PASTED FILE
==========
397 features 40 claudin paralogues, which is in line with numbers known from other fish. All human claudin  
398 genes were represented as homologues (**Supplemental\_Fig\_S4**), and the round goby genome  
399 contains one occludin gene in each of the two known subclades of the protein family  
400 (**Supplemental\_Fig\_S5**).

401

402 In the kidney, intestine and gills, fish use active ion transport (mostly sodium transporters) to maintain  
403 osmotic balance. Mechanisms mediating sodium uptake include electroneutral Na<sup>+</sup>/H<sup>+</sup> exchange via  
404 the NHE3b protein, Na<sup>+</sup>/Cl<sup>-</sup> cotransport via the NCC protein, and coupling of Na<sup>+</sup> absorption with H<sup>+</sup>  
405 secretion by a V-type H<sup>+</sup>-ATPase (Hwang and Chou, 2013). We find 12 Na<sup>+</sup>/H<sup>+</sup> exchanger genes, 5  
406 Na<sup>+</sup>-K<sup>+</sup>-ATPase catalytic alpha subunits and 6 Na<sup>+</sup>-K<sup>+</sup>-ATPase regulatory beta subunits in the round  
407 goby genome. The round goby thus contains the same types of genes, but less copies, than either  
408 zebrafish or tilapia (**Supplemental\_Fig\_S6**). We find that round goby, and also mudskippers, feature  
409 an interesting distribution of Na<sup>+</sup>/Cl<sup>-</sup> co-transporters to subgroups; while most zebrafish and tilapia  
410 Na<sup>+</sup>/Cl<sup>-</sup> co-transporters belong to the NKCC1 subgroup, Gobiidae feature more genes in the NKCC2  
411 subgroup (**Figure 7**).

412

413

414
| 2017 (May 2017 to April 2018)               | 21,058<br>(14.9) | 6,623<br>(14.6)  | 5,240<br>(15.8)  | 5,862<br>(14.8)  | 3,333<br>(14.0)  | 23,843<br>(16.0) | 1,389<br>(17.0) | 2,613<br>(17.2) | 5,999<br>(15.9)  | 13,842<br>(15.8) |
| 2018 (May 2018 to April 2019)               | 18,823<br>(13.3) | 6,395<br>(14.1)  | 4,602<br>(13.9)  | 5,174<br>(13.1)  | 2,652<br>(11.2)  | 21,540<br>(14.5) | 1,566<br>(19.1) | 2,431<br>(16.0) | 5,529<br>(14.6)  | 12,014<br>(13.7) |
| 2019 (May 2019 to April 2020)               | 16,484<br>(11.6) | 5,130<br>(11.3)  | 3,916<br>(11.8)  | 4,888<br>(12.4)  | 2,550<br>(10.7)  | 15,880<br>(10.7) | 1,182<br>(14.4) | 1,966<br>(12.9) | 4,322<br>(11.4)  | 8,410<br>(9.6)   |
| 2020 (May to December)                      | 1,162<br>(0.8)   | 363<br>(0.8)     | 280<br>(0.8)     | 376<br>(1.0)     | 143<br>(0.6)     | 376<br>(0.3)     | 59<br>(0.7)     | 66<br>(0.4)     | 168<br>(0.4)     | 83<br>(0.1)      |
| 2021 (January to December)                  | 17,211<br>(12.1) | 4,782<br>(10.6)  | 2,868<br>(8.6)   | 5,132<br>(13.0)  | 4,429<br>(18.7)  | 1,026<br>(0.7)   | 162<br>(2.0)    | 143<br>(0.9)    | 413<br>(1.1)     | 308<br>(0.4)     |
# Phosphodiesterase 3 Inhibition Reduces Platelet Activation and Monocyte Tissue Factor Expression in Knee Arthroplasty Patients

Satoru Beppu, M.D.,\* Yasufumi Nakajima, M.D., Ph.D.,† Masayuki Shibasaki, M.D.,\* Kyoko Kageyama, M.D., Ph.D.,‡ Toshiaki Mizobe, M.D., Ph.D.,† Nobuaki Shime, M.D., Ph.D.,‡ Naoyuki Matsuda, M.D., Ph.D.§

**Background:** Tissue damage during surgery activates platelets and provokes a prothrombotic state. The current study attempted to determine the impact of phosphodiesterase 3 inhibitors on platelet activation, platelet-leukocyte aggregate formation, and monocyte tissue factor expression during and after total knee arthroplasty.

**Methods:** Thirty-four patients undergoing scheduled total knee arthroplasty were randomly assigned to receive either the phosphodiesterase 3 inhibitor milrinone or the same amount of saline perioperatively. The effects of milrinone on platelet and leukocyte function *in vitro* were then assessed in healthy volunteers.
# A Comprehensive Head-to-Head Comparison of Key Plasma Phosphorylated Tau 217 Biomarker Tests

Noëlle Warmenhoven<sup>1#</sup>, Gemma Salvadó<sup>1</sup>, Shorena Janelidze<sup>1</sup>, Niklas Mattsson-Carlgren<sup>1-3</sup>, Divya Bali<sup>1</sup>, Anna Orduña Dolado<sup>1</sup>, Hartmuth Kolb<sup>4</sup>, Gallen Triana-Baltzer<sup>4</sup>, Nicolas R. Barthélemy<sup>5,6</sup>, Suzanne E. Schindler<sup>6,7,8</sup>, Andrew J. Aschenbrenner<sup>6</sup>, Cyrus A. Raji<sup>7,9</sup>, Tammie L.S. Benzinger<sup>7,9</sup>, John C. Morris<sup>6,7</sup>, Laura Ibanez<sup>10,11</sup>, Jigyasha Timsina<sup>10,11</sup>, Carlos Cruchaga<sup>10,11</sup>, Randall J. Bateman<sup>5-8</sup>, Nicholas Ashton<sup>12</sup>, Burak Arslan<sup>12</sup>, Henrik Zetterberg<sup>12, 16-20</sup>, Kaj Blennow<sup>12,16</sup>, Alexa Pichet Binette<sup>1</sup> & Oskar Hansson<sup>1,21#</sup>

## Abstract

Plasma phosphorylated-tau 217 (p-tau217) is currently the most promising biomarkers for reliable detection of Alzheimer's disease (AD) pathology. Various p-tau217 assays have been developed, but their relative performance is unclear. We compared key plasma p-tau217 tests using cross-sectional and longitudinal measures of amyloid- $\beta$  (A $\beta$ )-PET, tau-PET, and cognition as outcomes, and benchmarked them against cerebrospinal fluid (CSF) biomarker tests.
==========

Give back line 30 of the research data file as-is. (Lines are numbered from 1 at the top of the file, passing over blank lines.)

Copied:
## Abstract